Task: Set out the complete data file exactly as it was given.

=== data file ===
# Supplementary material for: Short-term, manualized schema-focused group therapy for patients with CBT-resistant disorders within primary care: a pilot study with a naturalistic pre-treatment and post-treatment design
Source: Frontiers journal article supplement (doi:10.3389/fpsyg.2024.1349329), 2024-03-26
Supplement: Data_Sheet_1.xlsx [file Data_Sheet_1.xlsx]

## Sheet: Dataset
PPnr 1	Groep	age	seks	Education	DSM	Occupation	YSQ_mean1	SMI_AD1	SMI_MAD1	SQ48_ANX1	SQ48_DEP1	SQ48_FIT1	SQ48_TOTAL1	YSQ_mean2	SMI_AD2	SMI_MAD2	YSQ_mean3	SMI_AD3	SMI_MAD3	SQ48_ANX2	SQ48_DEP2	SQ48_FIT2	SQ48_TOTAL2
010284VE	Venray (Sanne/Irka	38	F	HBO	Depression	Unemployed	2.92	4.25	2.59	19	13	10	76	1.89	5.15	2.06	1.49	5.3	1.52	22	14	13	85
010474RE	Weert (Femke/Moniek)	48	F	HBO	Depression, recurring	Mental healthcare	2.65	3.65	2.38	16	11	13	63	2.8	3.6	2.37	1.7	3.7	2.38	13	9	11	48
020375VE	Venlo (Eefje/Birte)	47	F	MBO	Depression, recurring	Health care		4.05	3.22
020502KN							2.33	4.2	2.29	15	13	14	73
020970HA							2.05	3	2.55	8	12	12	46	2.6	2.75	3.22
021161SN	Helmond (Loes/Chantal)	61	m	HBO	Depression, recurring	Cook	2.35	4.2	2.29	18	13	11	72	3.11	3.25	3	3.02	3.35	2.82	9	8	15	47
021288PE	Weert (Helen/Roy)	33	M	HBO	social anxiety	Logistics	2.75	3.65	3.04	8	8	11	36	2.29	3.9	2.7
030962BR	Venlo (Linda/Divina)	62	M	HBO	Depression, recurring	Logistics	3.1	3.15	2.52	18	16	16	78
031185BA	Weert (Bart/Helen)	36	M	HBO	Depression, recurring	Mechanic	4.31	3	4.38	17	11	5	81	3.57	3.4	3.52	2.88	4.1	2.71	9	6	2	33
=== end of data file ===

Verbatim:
# Supplementary material for: Short-term, manualized schema-focused group therapy for patients with CBT-resistant disorders within primary care: a pilot study with a naturalistic pre-treatment and post-treatment design
Source: Frontiers journal article supplement (doi:10.3389/fpsyg.2024.1349329), 2024-03-26
Supplement: Data_Sheet_1.xlsx [file Data_Sheet_1.xlsx]

## Sheet: Dataset
PPnr 1	Groep	age	seks	Education	DSM	Occupation	YSQ_mean1	SMI_AD1	SMI_MAD1	SQ48_ANX1	SQ48_DEP1	SQ48_FIT1	SQ48_TOTAL1	YSQ_mean2	SMI_AD2	SMI_MAD2	YSQ_mean3	SMI_AD3	SMI_MAD3	SQ48_ANX2	SQ48_DEP2	SQ48_FIT2	SQ48_TOTAL2
010284VE	Venray (Sanne/Irka	38	F	HBO	Depression	Unemployed	2.92	4.25	2.59	19	13	10	76	1.89	5.15	2.06	1.49	5.3	1.52	22	14	13	85
010474RE	Weert (Femke/Moniek)	48	F	HBO	Depression, recurring	Mental healthcare	2.65	3.65	2.38	16	11	13	63	2.8	3.6	2.37	1.7	3.7	2.38	13	9	11	48
020375VE	Venlo (Eefje/Birte)	47	F	MBO	Depression, recurring	Health care		4.05	3.22
020502KN							2.33	4.2	2.29	15	13	14	73
020970HA							2.05	3	2.55	8	12	12	46	2.6	2.75	3.22
021161SN	Helmond (Loes/Chantal)	61	m	HBO	Depression, recurring	Cook	2.35	4.2	2.29	18	13	11	72	3.11	3.25	3	3.02	3.35	2.82	9	8	15	47
021288PE	Weert (Helen/Roy)	33	M	HBO	social anxiety	Logistics	2.75	3.65	3.04	8	8	11	36	2.29	3.9	2.7
030962BR	Venlo (Linda/Divina)	62	M	HBO	Depression, recurring	Logistics	3.1	3.15	2.52	18	16	16	78
031185BA	Weert (Bart/Helen)	36	M	HBO	Depression, recurring	Mechanic	4.31	3	4.38	17	11	5	81	3.57	3.4	3.52	2.88	4.1	2.71	9	6	2	33